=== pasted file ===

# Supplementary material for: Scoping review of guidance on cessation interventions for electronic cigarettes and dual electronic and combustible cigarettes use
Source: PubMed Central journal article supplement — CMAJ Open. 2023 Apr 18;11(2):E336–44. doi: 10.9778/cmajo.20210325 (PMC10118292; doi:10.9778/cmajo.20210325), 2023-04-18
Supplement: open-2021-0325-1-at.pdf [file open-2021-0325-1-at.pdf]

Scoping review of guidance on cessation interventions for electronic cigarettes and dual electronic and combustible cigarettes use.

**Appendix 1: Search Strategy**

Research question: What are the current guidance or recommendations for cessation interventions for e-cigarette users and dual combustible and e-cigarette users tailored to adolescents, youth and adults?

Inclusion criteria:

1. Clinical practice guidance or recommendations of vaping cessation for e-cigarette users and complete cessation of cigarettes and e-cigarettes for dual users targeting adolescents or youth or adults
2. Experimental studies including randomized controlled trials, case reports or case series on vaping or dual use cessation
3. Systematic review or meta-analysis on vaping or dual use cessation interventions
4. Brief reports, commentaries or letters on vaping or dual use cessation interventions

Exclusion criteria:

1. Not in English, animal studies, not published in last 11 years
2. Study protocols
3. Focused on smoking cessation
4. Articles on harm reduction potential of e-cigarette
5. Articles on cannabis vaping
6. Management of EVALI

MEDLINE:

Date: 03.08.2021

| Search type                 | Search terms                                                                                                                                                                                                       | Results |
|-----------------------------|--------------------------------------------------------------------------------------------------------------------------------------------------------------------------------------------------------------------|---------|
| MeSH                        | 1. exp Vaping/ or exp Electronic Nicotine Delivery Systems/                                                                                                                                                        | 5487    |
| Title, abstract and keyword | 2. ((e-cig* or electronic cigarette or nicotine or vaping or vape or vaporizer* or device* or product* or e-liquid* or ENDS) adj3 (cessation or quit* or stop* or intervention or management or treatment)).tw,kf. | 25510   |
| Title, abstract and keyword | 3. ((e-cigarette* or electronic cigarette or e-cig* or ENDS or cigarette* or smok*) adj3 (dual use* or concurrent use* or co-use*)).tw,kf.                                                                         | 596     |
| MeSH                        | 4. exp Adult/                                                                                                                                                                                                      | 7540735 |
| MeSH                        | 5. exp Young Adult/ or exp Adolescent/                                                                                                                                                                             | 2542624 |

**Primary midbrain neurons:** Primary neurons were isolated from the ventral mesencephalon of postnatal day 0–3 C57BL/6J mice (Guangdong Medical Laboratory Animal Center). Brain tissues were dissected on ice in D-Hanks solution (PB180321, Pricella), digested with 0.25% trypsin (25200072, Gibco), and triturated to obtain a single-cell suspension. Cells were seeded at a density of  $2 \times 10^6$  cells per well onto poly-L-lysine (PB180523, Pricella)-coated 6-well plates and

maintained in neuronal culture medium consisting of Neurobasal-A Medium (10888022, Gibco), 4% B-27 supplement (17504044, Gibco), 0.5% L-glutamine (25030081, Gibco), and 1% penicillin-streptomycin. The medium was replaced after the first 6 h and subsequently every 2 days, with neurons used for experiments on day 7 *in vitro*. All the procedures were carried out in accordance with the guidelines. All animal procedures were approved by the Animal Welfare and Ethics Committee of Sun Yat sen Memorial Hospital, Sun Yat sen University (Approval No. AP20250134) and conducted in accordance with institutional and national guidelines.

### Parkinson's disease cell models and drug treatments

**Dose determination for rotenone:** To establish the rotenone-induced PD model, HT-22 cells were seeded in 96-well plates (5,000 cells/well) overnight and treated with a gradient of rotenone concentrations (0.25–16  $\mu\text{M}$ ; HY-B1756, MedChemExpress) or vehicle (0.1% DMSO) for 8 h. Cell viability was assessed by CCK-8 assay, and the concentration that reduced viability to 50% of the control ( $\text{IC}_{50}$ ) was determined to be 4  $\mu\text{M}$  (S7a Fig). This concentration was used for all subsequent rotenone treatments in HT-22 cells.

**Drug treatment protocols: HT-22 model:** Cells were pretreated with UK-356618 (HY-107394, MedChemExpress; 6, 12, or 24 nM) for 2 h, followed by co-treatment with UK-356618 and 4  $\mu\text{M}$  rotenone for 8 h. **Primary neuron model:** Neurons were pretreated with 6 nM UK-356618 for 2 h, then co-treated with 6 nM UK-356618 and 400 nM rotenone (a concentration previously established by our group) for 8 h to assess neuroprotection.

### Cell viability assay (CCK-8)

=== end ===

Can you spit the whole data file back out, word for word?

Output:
# Supplementary material for: Scoping review of guidance on cessation interventions for electronic cigarettes and dual electronic and combustible cigarettes use
Source: PubMed Central journal article supplement — CMAJ Open. 2023 Apr 18;11(2):E336–44. doi: 10.9778/cmajo.20210325 (PMC10118292; doi:10.9778/cmajo.20210325), 2023-04-18
Supplement: open-2021-0325-1-at.pdf [file open-2021-0325-1-at.pdf]

Scoping review of guidance on cessation interventions for electronic cigarettes and dual electronic and combustible cigarettes use.

**Appendix 1: Search Strategy**

Research question: What are the current guidance or recommendations for cessation interventions for e-cigarette users and dual combustible and e-cigarette users tailored to adolescents, youth and adults?

Inclusion criteria:

1. Clinical practice guidance or recommendations of vaping cessation for e-cigarette users and complete cessation of cigarettes and e-cigarettes for dual users targeting adolescents or youth or adults
2. Experimental studies including randomized controlled trials, case reports or case series on vaping or dual use cessation
3. Systematic review or meta-analysis on vaping or dual use cessation interventions
4. Brief reports, commentaries or letters on vaping or dual use cessation interventions

Exclusion criteria:

1. Not in English, animal studies, not published in last 11 years
2. Study protocols
3. Focused on smoking cessation
4. Articles on harm reduction potential of e-cigarette
5. Articles on cannabis vaping
6. Management of EVALI

MEDLINE:

Date: 03.08.2021

| Search type                 | Search terms                                                                                                                                                                                                       | Results |
|-----------------------------|--------------------------------------------------------------------------------------------------------------------------------------------------------------------------------------------------------------------|---------|
| MeSH                        | 1. exp Vaping/ or exp Electronic Nicotine Delivery Systems/                                                                                                                                                        | 5487    |
| Title, abstract and keyword | 2. ((e-cig* or electronic cigarette or nicotine or vaping or vape or vaporizer* or device* or product* or e-liquid* or ENDS) adj3 (cessation or quit* or stop* or intervention or management or treatment)).tw,kf. | 25510   |
| Title, abstract and keyword | 3. ((e-cigarette* or electronic cigarette or e-cig* or ENDS or cigarette* or smok*) adj3 (dual use* or concurrent use* or co-use*)).tw,kf.                                                                         | 596     |
| MeSH                        | 4. exp Adult/                                                                                                                                                                                                      | 7540735 |
| MeSH                        | 5. exp Young Adult/ or exp Adolescent/                                                                                                                                                                             | 2542624 |

**Primary midbrain neurons:** Primary neurons were isolated from the ventral mesencephalon of postnatal day 0–3 C57BL/6J mice (Guangdong Medical Laboratory Animal Center). Brain tissues were dissected on ice in D-Hanks solution (PB180321, Pricella), digested with 0.25% trypsin (25200072, Gibco), and triturated to obtain a single-cell suspension. Cells were seeded at a density of  $2 \times 10^6$  cells per well onto poly-L-lysine (PB180523, Pricella)-coated 6-well plates and

maintained in neuronal culture medium consisting of Neurobasal-A Medium (10888022, Gibco), 4% B-27 supplement (17504044, Gibco), 0.5% L-glutamine (25030081, Gibco), and 1% penicillin-streptomycin. The medium was replaced after the first 6 h and subsequently every 2 days, with neurons used for experiments on day 7 *in vitro*. All the procedures were carried out in accordance with the guidelines. All animal procedures were approved by the Animal Welfare and Ethics Committee of Sun Yat sen Memorial Hospital, Sun Yat sen University (Approval No. AP20250134) and conducted in accordance with institutional and national guidelines.

### Parkinson's disease cell models and drug treatments

**Dose determination for rotenone:** To establish the rotenone-induced PD model, HT-22 cells were seeded in 96-well plates (5,000 cells/well) overnight and treated with a gradient of rotenone concentrations (0.25–16  $\mu\text{M}$ ; HY-B1756, MedChemExpress) or vehicle (0.1% DMSO) for 8 h. Cell viability was assessed by CCK-8 assay, and the concentration that reduced viability to 50% of the control ( $\text{IC}_{50}$ ) was determined to be 4  $\mu\text{M}$  (S7a Fig). This concentration was used for all subsequent rotenone treatments in HT-22 cells.

**Drug treatment protocols: HT-22 model:** Cells were pretreated with UK-356618 (HY-107394, MedChemExpress; 6, 12, or 24 nM) for 2 h, followed by co-treatment with UK-356618 and 4  $\mu\text{M}$  rotenone for 8 h. **Primary neuron model:** Neurons were pretreated with 6 nM UK-356618 for 2 h, then co-treated with 6 nM UK-356618 and 400 nM rotenone (a concentration previously established by our group) for 8 h to assess neuroprotection.

### Cell viability assay (CCK-8)